Transforming our Ag Commodities: The NFL and Chicken Wings

Tonight is a seminal moment in the culture of North America.  I say that because last Thursday night as I wrote this, the NFL is kicking off its season with the game between Baltimore and Denver.  You can argue any which way about sports in North America but the NFL is King.  Baseball is what it is to our American friends and hockey is a religion in Canada but the NFL is a huge business.  With only 16 regular-season games a year it concentrates all of its season into a compact package played mostly on Sundays that fascinates many.  Simply put, people really find NFL football compelling.

It also has an agricultural component, something that I’d never really thought of before.  That is, during the NFL season our American friends eat chicken wings like they are a staple.  In fact on an annual basis Americans eat 1.23 billion chicken wings.  Consumption increases during the NFL season as the market for chicken wings does have that seasonal component.   Just think of all the soybean meal that those chickens need to consume.  Combine chicken wings the NFL and soybean meal and you have an agricultural marriage, which I really never thought about before.

I have been very aware for quite some time that the closer you can get agricultural commodities to the consumer’s dinner plate the more money you make.  Unfortunately, with corn wheat and soybeans, they are not very palatable to consumers taste without further processing.  However, everybody likes a nice thick juicy steak or some really good barbecue pork chops, to say nothing about some crispy bacon.  Our livestock producers are extremely close to the consumer’s plate and they always have great radar and respect for what the consumer wants.  It just so happens that over the last several years those consumers have been eating a lot more chicken.  The NFL example is only one cultural event that boosts chicken demand.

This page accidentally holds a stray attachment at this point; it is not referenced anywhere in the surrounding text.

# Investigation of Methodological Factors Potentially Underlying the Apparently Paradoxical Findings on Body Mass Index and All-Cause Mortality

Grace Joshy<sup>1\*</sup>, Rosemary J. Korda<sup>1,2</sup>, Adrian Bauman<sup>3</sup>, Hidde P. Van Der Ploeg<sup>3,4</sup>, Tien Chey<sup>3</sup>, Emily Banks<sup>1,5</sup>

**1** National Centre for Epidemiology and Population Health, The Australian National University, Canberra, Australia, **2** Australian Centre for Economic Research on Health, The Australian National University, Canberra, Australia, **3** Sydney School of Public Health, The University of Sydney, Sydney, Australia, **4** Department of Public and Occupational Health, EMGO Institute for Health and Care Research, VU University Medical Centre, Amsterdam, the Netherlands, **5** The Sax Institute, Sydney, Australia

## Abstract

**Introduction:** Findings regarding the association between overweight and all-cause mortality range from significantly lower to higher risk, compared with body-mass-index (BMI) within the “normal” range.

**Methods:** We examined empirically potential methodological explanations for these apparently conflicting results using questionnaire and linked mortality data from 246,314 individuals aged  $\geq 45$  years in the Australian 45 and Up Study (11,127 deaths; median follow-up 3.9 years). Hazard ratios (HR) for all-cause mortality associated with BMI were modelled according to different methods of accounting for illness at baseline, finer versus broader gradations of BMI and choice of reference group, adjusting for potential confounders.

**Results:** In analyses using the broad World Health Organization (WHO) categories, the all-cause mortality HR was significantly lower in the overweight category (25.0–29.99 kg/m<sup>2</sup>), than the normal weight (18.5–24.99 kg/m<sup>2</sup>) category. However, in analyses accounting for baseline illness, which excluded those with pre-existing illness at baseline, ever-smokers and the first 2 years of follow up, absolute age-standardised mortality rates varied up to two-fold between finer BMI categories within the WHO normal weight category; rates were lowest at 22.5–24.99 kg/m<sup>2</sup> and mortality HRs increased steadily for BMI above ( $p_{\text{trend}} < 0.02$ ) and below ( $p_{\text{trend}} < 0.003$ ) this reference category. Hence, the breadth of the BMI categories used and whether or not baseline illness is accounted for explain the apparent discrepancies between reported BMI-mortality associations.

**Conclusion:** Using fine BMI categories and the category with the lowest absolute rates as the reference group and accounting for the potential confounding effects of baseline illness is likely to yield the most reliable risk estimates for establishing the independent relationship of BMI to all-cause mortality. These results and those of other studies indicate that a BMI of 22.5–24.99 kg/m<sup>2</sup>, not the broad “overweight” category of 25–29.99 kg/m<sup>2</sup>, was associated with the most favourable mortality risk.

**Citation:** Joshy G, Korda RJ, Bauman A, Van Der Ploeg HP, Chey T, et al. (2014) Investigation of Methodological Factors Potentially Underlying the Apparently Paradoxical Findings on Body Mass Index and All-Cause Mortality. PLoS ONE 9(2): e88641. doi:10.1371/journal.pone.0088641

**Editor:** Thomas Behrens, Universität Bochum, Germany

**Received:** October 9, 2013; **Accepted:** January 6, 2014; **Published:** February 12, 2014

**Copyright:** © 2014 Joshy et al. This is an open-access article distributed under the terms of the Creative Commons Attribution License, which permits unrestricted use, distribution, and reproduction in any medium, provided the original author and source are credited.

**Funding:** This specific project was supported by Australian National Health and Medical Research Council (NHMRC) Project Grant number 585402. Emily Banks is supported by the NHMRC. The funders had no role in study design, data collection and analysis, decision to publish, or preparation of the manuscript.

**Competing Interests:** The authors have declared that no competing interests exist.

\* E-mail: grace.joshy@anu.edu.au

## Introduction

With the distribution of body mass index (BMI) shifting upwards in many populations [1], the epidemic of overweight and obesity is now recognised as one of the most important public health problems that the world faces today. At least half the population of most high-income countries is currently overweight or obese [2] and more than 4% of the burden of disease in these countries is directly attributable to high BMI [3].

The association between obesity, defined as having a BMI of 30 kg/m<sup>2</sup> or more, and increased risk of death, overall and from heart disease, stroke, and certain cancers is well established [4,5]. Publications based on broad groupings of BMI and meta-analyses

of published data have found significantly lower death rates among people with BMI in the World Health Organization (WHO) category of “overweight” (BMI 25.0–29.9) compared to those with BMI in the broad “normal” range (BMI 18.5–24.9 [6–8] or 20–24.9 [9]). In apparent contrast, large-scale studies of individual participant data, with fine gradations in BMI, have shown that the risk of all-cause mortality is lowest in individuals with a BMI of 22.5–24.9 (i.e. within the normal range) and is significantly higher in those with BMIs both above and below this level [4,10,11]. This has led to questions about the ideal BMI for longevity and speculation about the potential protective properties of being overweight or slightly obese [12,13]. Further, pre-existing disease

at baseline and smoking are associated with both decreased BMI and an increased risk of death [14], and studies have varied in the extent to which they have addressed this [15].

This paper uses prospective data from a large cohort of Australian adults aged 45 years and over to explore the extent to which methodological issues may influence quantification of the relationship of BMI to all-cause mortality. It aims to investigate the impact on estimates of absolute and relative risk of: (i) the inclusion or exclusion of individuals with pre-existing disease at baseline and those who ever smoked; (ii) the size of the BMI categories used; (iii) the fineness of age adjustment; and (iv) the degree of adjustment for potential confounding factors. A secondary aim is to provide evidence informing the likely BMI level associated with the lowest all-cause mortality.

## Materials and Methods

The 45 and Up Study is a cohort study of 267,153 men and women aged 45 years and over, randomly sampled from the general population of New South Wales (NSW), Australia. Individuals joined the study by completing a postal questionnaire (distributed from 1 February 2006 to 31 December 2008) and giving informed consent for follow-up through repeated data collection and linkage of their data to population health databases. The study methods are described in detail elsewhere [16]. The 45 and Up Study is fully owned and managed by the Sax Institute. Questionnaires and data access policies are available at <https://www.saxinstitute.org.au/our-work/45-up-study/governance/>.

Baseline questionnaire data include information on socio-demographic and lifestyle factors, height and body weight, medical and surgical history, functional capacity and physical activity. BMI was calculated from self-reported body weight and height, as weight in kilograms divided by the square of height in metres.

According to Statistics Canada in 1980 Canadians on a per capita basis ate 16 kg annually.  In 2012 that had ballooned to 30 kg annually, almost doubling our consumption over that period of time.  Is not too hard to figure out why.  Yes, price is always a function of the consumer’s decision-making process.  However, packaging chicken products whether it is as a chicken wing, chicken finger or chicken nugget has much to do with that.  Go to any restaurant whether it’s in the United States or Canada and you will find all kinds of chicken on the menu.  That explains in many ways why there has been an explosion of consumption of chicken over the last couple of decades.

I find that so interesting, just like I find the two-for-one pizza deals so important for tomato product demand.  Sometimes, a commodity isn’t necessarily a commodity but with the little positioning becomes a very wanted product.  For instance, back in the day I used to eat fried chicken cooked at home.  That took much preparation but in 2013 there is chicken packaged and served very easily on demand almost anywhere.  That is led to the explosion in demand, just like any two-for-one pizza would boost tomato demand.  Yes, chickens might be an agricultural commodity but segmenting that commodity into different consumer segments, which are easy to eat, goes a long way to not only boosting chicken farmers incomes but also increasing demand in spades.

Of course it is all a good thing.  Those chickens eat a lot of soybean meal.  Now, you can buy chicken wings at any pizza joint, corner store or just about anywhere.  McDonald’s is now launching their own version of chicken wings.  Of course they are launching them just in time for the NFL season.

In Canada we certainly have our own issues with chicken production.  It is the quota system under our supply managed agricultural system.  In the United States it’s completely different, let’s just say I don’t want to get into that.   With demand for chicken exploding over the last few years our Canadian industry has certainly had its challenges.  I’m sure there’s quite a few chicken wings devoured at Grey cup parties.

It all goes to show the demand for certain agricultural commodities like chicken can be nurtured, segmented and repositioned into something that at one time we couldn’t even dream of.  25 years ago if you had mentioned chicken wings with the NFL it probably wouldn’t have registered.  25 years later the NFL is a very important part in the demand component for chicken.

Of course a lesson learned is that maybe some of our other agricultural commodities could turn into those “chicken wings” of tomorrow.  For instance, how about a “soybean latte” at Starbucks?  You get the picture.  The road ahead is not necessarily about supply, supply, and more supply for our agricultural commodities.  Like chicken wings, sometimes demand can be nuanced to tame supplies.  The NFL and chicken wings are one example of that.  As an industry, agriculture must seek this out more.